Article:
Covered California Helps Keep Premiums in Check, UC Berkeley Study Finds

Covered California’s Obamacare exchange has helped consumers get a better deal on health insurance in part because of its negotiating power — power that other Affordable Care Act marketplaces don’t have — according to a new analysis published Monday.

California is one of the few states that created an “active purchaser” exchange, where the marketplace negotiates premiums and benefits with insurers. Most other states, as well as the federal, accept any plan that seeks to participate.

Researchers compared California and New York and looked at the growth in premiums in 2014 and 2015 in the face of hospital competition and health plan competition.

While less hospital competition was associated with higher premium increases in both states, the effect of reduced insurance plan competition played out differently.

In New York, less competition in insurance resulted in higher premium growth. But in California, similar “low competition” areas had a slower rise in premiums.

Richard Scheffler, a health economist at UC Berkeley and lead author of the study, said one reason for the slower growth is California’s negotiating power.

“What happens here is an exchange that’s competitive, but is helped by regulation,” Scheffler said, “that clears up the market in the sense that consumers can make apples-to-apples choices.”

Scheffler called it “a problem” that in New York, there were so many plans available “that it became very difficult, if not impossible, for a lot of consumers to be able to make good choices.”

The two states’ experiences highlight a division in the two visions in running an exchange, says Anthony Wright, executive director of Health Access, an advocacy group.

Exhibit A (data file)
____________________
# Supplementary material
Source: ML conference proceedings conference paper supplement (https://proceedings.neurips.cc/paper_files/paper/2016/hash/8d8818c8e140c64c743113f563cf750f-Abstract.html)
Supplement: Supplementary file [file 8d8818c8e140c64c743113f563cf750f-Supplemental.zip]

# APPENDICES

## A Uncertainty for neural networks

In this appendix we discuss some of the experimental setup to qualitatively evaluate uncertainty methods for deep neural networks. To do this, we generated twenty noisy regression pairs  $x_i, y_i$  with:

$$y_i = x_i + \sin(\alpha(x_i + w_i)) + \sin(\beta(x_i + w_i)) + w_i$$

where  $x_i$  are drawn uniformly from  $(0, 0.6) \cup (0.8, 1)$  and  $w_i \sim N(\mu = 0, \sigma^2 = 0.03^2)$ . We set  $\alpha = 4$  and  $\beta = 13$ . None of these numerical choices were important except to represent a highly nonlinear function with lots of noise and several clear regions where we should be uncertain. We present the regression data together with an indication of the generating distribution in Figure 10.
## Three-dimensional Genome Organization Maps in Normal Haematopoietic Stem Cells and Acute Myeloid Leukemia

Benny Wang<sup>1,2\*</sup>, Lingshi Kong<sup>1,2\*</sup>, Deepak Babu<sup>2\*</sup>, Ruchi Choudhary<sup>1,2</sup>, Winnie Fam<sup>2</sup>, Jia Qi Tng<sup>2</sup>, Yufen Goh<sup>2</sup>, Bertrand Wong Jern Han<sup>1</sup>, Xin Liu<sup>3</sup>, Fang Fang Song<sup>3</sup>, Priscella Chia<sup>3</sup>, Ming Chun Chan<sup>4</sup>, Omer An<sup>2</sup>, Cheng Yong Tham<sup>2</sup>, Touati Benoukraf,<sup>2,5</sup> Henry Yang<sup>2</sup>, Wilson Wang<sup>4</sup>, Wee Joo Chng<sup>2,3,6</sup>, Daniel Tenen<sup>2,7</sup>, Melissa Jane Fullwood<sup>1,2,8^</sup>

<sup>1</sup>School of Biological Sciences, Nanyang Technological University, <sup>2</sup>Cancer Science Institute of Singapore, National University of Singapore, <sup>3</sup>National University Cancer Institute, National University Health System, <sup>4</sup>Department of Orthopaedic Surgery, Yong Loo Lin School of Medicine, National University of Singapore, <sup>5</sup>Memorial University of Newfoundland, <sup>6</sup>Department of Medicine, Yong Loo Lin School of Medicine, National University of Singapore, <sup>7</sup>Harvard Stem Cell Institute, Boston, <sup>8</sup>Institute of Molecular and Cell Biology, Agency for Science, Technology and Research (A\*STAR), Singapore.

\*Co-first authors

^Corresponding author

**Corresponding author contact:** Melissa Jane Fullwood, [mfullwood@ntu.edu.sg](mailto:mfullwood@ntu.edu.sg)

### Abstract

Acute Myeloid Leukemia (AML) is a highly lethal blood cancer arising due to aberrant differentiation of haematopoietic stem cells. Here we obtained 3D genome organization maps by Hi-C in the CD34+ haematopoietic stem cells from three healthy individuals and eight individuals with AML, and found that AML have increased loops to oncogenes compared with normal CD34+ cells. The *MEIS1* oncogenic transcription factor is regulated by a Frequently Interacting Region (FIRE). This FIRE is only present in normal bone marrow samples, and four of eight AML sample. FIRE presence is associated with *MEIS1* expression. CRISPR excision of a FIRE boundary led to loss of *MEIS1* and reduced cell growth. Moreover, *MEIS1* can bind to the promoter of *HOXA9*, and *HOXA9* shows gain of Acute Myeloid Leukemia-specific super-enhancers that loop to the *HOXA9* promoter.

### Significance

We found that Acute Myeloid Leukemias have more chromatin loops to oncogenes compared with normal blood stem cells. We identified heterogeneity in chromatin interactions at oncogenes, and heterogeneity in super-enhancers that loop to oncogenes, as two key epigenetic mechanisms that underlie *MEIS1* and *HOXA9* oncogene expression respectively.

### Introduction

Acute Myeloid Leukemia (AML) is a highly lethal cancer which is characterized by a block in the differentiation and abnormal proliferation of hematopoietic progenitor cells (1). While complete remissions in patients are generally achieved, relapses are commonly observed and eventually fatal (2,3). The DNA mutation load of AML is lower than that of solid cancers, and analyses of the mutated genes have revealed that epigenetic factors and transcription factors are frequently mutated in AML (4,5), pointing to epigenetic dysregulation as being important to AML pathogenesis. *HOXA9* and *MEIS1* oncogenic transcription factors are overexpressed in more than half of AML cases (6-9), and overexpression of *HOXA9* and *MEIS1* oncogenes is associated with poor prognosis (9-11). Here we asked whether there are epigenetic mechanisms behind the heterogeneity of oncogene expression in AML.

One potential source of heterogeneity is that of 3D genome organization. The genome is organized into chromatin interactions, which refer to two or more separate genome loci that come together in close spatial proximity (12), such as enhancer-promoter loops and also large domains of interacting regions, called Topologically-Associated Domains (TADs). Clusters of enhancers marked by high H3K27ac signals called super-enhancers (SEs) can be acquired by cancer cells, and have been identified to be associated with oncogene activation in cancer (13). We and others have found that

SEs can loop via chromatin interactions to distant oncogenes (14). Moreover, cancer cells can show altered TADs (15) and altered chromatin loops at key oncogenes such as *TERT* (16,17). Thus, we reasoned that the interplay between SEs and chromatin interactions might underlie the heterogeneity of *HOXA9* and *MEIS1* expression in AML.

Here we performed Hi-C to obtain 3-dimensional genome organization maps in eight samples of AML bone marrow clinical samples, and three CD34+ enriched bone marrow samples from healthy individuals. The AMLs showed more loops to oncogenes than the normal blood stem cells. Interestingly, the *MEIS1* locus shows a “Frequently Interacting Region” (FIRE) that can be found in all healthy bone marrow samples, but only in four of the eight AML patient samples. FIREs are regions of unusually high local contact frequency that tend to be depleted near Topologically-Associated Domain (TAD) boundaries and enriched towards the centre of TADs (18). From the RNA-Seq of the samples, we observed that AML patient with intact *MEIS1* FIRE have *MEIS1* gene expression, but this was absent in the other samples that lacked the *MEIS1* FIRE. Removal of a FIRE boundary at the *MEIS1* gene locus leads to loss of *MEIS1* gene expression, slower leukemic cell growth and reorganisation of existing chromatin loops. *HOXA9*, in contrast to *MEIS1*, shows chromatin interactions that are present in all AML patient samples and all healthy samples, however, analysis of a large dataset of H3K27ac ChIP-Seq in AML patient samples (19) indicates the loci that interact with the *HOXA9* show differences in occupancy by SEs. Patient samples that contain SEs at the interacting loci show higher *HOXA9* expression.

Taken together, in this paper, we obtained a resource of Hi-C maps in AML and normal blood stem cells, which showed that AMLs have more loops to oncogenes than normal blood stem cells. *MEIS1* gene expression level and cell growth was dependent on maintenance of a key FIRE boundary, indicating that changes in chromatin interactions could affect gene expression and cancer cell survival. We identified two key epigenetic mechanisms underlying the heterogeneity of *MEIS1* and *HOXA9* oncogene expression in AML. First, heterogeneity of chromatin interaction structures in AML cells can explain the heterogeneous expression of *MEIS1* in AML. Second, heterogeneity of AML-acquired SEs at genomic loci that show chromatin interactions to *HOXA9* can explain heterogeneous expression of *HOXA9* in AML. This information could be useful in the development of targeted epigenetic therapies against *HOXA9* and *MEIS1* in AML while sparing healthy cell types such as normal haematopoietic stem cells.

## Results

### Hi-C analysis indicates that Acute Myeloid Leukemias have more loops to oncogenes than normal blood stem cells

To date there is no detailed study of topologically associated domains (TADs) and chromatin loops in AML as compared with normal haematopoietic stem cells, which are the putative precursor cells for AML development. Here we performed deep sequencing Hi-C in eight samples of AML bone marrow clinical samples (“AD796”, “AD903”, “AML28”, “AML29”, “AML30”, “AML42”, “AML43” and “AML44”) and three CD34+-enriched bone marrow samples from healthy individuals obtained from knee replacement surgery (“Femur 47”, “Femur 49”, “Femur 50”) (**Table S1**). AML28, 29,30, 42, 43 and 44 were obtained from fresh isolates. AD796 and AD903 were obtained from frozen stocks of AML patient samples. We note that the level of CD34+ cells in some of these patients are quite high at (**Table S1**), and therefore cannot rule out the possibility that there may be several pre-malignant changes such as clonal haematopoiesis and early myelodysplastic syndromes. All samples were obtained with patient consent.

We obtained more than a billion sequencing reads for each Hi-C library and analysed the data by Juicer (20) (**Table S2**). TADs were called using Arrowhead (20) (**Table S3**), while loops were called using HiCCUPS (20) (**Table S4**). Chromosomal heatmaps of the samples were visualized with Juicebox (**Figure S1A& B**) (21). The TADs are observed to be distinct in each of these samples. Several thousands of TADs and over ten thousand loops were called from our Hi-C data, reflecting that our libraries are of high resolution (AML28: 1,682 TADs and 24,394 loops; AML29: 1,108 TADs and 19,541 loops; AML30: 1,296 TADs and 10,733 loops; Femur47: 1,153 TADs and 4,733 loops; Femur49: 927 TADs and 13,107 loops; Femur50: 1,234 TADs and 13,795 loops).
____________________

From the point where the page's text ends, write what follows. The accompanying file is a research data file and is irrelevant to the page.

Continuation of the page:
“The approach of not negotiating, of just letting any insurer sell its wares, some would call it ‘the free market,’ ” Wright said. “We call it the ‘flea market’ approach.”

He likened Covered California to a human resources department for the “rest of us that don’t work at Google.”

Covered California plans all have identical benefits. The only difference between plans are price and the hospital and physician networks, making comparison straightforward.

“We create a marketplace where consumers are in the driving seat,” said Covered California executive director Peter Lee. “[In] New York City, the consumers would be picking between 50 different products. What’s the difference between them? Tweaks on co-insurance and insurance babble that most consumers don’t understand.”

“The folklore in economics is that more choice is better,” economist Scheffler said. If offered too many choices in health insurance, “it becomes too much for consumers to look at and analyze and really absorb. So you’re better off having a smaller number of choices to plan on and pick from.”

Scheffler and his co-authors say that the Affordable Care Act marketplaces provide a “natural laboratory” to continue studying the effects of competition among hospitals and insurers.

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